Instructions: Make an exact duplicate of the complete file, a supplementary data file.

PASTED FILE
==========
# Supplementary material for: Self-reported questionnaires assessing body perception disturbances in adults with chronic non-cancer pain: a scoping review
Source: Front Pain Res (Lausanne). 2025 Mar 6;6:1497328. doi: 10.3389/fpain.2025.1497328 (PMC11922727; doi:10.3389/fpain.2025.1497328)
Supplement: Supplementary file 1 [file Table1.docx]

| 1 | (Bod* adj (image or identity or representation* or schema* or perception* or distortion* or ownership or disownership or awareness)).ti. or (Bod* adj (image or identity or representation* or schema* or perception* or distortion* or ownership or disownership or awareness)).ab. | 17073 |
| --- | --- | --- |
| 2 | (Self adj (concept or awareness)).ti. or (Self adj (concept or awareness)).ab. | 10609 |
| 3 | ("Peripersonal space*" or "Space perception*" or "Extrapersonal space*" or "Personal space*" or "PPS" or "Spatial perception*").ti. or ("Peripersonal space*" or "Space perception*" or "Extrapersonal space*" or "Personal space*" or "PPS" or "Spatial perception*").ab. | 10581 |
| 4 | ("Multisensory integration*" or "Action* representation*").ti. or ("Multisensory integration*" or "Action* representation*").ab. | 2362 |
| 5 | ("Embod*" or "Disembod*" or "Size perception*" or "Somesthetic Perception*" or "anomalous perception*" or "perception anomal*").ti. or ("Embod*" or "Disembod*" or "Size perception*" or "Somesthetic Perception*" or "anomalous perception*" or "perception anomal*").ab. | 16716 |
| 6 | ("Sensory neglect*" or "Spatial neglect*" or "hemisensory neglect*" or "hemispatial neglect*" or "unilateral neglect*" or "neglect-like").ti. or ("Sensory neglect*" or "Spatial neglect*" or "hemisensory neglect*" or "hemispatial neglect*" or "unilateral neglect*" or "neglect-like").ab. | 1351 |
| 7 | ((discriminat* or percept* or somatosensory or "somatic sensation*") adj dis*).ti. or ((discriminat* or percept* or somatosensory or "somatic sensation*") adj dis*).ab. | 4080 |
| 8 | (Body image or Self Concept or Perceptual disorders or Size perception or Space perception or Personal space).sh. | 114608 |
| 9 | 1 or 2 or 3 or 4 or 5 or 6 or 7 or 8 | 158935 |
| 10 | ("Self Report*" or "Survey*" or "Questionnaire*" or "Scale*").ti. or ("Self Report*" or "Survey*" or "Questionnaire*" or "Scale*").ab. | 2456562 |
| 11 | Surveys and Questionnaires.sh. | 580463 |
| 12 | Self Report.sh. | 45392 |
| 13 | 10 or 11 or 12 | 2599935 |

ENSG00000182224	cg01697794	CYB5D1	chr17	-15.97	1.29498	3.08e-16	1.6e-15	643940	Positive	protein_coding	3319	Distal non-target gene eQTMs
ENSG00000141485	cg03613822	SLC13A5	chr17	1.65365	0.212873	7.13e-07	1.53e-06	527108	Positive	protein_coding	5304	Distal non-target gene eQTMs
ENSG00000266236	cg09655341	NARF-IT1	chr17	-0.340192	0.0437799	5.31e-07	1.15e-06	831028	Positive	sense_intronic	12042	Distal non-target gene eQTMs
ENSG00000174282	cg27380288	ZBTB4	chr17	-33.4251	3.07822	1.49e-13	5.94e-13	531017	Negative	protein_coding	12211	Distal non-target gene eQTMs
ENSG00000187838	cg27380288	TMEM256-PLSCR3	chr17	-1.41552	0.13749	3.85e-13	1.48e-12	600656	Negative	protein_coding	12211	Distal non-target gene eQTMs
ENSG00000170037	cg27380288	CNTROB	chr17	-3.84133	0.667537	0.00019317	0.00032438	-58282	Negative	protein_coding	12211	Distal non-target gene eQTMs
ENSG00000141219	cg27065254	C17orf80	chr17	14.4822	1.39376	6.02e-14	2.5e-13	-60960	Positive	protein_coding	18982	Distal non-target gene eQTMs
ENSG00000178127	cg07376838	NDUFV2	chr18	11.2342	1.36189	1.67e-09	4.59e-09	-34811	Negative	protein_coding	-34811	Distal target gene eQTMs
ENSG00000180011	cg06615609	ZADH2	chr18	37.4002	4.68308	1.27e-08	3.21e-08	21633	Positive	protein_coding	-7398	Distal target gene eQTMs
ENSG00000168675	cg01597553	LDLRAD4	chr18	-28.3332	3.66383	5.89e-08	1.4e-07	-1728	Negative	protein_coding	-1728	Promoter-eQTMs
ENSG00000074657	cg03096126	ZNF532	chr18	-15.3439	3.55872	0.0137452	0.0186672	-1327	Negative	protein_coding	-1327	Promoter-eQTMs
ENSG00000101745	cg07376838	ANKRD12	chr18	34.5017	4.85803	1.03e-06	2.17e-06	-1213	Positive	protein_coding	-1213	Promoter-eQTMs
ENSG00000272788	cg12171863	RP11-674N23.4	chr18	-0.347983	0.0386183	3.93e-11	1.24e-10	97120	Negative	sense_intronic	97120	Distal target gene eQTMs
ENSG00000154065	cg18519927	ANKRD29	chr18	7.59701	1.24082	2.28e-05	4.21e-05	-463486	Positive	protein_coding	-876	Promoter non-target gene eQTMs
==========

# Supplementary material for: Self-reported questionnaires assessing body perception disturbances in adults with chronic non-cancer pain: a scoping review
Source: Front Pain Res (Lausanne). 2025 Mar 6;6:1497328. doi: 10.3389/fpain.2025.1497328 (PMC11922727; doi:10.3389/fpain.2025.1497328)
Supplement: Supplementary file 1 [file Table1.docx]

| 1 | (Bod* adj (image or identity or representation* or schema* or perception* or distortion* or ownership or disownership or awareness)).ti. or (Bod* adj (image or identity or representation* or schema* or perception* or distortion* or ownership or disownership or awareness)).ab. | 17073 |
| --- | --- | --- |
| 2 | (Self adj (concept or awareness)).ti. or (Self adj (concept or awareness)).ab. | 10609 |
| 3 | ("Peripersonal space*" or "Space perception*" or "Extrapersonal space*" or "Personal space*" or "PPS" or "Spatial perception*").ti. or ("Peripersonal space*" or "Space perception*" or "Extrapersonal space*" or "Personal space*" or "PPS" or "Spatial perception*").ab. | 10581 |
| 4 | ("Multisensory integration*" or "Action* representation*").ti. or ("Multisensory integration*" or "Action* representation*").ab. | 2362 |
| 5 | ("Embod*" or "Disembod*" or "Size perception*" or "Somesthetic Perception*" or "anomalous perception*" or "perception anomal*").ti. or ("Embod*" or "Disembod*" or "Size perception*" or "Somesthetic Perception*" or "anomalous perception*" or "perception anomal*").ab. | 16716 |
| 6 | ("Sensory neglect*" or "Spatial neglect*" or "hemisensory neglect*" or "hemispatial neglect*" or "unilateral neglect*" or "neglect-like").ti. or ("Sensory neglect*" or "Spatial neglect*" or "hemisensory neglect*" or "hemispatial neglect*" or "unilateral neglect*" or "neglect-like").ab. | 1351 |
| 7 | ((discriminat* or percept* or somatosensory or "somatic sensation*") adj dis*).ti. or ((discriminat* or percept* or somatosensory or "somatic sensation*") adj dis*).ab. | 4080 |
| 8 | (Body image or Self Concept or Perceptual disorders or Size perception or Space perception or Personal space).sh. | 114608 |
| 9 | 1 or 2 or 3 or 4 or 5 or 6 or 7 or 8 | 158935 |
| 10 | ("Self Report*" or "Survey*" or "Questionnaire*" or "Scale*").ti. or ("Self Report*" or "Survey*" or "Questionnaire*" or "Scale*").ab. | 2456562 |
| 11 | Surveys and Questionnaires.sh. | 580463 |
| 12 | Self Report.sh. | 45392 |
| 13 | 10 or 11 or 12 | 2599935 |

ENSG00000182224	cg01697794	CYB5D1	chr17	-15.97	1.29498	3.08e-16	1.6e-15	643940	Positive	protein_coding	3319	Distal non-target gene eQTMs
ENSG00000141485	cg03613822	SLC13A5	chr17	1.65365	0.212873	7.13e-07	1.53e-06	527108	Positive	protein_coding	5304	Distal non-target gene eQTMs
ENSG00000266236	cg09655341	NARF-IT1	chr17	-0.340192	0.0437799	5.31e-07	1.15e-06	831028	Positive	sense_intronic	12042	Distal non-target gene eQTMs
ENSG00000174282	cg27380288	ZBTB4	chr17	-33.4251	3.07822	1.49e-13	5.94e-13	531017	Negative	protein_coding	12211	Distal non-target gene eQTMs
ENSG00000187838	cg27380288	TMEM256-PLSCR3	chr17	-1.41552	0.13749	3.85e-13	1.48e-12	600656	Negative	protein_coding	12211	Distal non-target gene eQTMs
ENSG00000170037	cg27380288	CNTROB	chr17	-3.84133	0.667537	0.00019317	0.00032438	-58282	Negative	protein_coding	12211	Distal non-target gene eQTMs
ENSG00000141219	cg27065254	C17orf80	chr17	14.4822	1.39376	6.02e-14	2.5e-13	-60960	Positive	protein_coding	18982	Distal non-target gene eQTMs
ENSG00000178127	cg07376838	NDUFV2	chr18	11.2342	1.36189	1.67e-09	4.59e-09	-34811	Negative	protein_coding	-34811	Distal target gene eQTMs
ENSG00000180011	cg06615609	ZADH2	chr18	37.4002	4.68308	1.27e-08	3.21e-08	21633	Positive	protein_coding	-7398	Distal target gene eQTMs
ENSG00000168675	cg01597553	LDLRAD4	chr18	-28.3332	3.66383	5.89e-08	1.4e-07	-1728	Negative	protein_coding	-1728	Promoter-eQTMs
ENSG00000074657	cg03096126	ZNF532	chr18	-15.3439	3.55872	0.0137452	0.0186672	-1327	Negative	protein_coding	-1327	Promoter-eQTMs
ENSG00000101745	cg07376838	ANKRD12	chr18	34.5017	4.85803	1.03e-06	2.17e-06	-1213	Positive	protein_coding	-1213	Promoter-eQTMs
ENSG00000272788	cg12171863	RP11-674N23.4	chr18	-0.347983	0.0386183	3.93e-11	1.24e-10	97120	Negative	sense_intronic	97120	Distal target gene eQTMs
ENSG00000154065	cg18519927	ANKRD29	chr18	7.59701	1.24082	2.28e-05	4.21e-05	-463486	Positive	protein_coding	-876	Promoter non-target gene eQTMs